I was fortunate enough to spend some time in Seattle with my colleagues Stefanie Cross-Wilson and Jaemi Taylor, a resident of the city for 14 years. It is a market we visit frequently, but wow, how that city is changing!
From Amazon’s continued expansion downtown (30+ buildings across the city and counting!) to scaling up by Google and Facebook, and from the impressive work being carried out by the Bill and Melinda Gates Foundation through to Microsoft somewhat quietly and confidently regaining the number one spot in terms of market cap, it really is a hotbed of activity.
Zillow too are absolutely worth a mention as they continue to strive for innovation in the real estate and home buying sector. Starbucks maintains a high-touch and collaborative culture, which can be seen in the interaction of its employees and an environment set up to encourage this.
With all of this energy and buzz, Seattle makes for an attractive option for HR leaders. However, significant challenges do remain regarding the attraction and retention of talent.
Cost of Living
Housing isn’t the only element driving the high cost of living in Seattle – everything is expensive here! This point was hammered home in a recent release of the Cost of Living Index, where Seattle hit a record high score of 152.8. This means it’s 52.8% more expensive to live in Seattle than the average of over 267 other cities included in the survey. Seattle ranks as the sixth most expensive city to live in the US, ahead of Boston and Los Angeles.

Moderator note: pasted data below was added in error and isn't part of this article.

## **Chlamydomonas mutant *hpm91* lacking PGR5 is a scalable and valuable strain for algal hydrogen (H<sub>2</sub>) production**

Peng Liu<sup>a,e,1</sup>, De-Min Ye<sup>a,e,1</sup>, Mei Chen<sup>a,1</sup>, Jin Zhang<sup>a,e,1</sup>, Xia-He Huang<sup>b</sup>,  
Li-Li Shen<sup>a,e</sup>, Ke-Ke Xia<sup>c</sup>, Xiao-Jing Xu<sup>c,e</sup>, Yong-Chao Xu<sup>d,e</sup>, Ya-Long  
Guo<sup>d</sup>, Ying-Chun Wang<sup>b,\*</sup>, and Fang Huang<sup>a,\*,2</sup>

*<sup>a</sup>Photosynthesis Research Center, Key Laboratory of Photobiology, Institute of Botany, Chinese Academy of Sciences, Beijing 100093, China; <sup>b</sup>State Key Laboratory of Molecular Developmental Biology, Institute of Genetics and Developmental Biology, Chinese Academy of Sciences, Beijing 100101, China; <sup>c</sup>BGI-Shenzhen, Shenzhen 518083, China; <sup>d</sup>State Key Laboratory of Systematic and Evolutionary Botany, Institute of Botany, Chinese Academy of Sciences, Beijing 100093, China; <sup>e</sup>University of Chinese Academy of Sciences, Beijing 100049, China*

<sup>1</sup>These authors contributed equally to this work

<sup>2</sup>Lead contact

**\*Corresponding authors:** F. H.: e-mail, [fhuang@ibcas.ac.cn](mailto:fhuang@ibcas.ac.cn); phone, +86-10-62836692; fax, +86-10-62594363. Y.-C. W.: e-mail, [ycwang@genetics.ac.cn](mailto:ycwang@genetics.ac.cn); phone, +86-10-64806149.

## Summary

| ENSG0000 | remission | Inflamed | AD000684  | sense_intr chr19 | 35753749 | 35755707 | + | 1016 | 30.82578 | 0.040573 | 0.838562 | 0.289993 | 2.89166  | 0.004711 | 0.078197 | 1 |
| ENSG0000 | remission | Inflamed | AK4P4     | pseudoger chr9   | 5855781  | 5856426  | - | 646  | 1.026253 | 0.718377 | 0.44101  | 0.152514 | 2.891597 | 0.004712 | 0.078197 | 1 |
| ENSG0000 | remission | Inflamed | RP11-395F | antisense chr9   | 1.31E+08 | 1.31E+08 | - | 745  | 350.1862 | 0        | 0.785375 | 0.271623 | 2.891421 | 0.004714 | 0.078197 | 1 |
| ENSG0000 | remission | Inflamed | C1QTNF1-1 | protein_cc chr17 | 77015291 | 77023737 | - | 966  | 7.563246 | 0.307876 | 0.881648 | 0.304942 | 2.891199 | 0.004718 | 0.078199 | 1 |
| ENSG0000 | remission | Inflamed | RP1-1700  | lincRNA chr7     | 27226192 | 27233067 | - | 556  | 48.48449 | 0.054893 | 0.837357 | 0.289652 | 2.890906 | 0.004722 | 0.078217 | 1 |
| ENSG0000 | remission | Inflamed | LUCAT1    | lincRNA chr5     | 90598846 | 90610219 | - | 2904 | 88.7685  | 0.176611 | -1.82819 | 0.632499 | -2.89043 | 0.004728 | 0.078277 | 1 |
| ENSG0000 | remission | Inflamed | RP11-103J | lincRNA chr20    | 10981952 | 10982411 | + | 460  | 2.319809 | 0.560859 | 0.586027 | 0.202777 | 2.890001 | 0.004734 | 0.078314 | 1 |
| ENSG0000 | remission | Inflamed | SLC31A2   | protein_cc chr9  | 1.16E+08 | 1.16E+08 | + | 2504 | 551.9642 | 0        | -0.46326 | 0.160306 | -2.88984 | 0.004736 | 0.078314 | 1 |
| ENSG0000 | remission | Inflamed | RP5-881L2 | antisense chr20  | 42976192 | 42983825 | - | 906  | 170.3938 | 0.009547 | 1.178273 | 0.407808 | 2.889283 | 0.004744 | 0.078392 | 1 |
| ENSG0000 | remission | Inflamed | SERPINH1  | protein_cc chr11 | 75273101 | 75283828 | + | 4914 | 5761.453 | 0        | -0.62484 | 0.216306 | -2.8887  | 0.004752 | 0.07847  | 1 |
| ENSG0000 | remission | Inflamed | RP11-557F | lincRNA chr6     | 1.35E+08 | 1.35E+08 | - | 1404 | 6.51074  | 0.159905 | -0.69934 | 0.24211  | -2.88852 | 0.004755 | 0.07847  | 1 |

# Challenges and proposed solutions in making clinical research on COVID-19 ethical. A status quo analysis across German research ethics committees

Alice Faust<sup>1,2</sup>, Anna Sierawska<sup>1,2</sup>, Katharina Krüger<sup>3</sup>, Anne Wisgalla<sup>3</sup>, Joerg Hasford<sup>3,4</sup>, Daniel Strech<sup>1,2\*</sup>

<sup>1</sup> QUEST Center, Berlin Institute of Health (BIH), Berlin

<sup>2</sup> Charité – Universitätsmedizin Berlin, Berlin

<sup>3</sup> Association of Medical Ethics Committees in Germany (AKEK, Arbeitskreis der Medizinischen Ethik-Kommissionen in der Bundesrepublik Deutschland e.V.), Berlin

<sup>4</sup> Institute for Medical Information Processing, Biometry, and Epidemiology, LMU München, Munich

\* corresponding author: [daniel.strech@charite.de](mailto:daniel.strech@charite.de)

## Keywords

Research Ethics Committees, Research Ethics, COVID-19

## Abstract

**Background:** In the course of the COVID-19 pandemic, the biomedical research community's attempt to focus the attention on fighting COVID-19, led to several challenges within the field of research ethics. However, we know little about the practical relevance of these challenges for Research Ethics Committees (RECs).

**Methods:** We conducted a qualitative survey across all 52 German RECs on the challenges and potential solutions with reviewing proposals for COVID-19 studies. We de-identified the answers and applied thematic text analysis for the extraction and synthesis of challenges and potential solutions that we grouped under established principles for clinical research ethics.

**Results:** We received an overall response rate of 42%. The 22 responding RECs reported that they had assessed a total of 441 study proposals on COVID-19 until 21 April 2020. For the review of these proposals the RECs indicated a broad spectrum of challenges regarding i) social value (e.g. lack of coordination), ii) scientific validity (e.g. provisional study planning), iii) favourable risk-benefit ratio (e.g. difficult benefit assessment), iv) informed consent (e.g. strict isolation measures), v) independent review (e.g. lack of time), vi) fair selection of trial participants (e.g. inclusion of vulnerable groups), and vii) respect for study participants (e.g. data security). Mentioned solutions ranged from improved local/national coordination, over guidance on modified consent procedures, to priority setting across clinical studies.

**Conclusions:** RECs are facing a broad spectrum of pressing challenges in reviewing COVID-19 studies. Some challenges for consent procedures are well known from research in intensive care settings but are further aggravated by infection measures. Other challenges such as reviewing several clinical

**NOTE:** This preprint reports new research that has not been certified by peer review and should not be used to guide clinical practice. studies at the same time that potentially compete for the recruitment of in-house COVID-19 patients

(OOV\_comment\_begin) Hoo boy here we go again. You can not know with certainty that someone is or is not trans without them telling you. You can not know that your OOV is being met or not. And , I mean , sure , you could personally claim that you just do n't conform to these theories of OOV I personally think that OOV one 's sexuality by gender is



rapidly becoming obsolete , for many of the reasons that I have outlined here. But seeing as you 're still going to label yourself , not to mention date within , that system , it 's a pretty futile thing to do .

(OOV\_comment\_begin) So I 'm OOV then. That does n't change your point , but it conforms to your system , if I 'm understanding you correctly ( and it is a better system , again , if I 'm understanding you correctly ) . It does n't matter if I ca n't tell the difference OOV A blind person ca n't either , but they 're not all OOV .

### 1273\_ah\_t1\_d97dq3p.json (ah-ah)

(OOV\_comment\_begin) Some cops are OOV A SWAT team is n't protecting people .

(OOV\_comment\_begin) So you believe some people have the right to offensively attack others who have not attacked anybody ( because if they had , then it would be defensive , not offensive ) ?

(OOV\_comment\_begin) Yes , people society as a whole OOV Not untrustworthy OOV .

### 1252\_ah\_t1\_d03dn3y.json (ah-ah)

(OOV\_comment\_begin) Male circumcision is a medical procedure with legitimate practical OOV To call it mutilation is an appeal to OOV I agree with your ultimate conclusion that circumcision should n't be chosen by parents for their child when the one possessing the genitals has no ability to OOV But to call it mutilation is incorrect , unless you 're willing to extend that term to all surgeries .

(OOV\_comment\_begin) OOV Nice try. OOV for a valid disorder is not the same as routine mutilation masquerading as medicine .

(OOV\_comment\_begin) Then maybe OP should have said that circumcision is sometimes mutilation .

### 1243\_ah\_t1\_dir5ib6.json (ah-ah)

With two main highways serving as the arteries to the north to south, and the city sandwiched between the lake and mountains, there is limited opportunity to reduce commuter time. As the city expands, this will force companies to think hard about the future of work and the remote/flexible options open to its employees.
The Silver Lining
Because of the financial implications for talent, we are seeing companies offering better than average benefits and total rewards packages. There is also a real desire to bring fresh talent with new ideas into the region rather than the recycling of talent that we see in markets with captive audiences like the San Francisco Bay Area.
Are you seeing the same? I’d be very interested to get a pulse check on the realities of operating in Seattle. It remains a market that intrigues me greatly, but also raises a number of practical questions.
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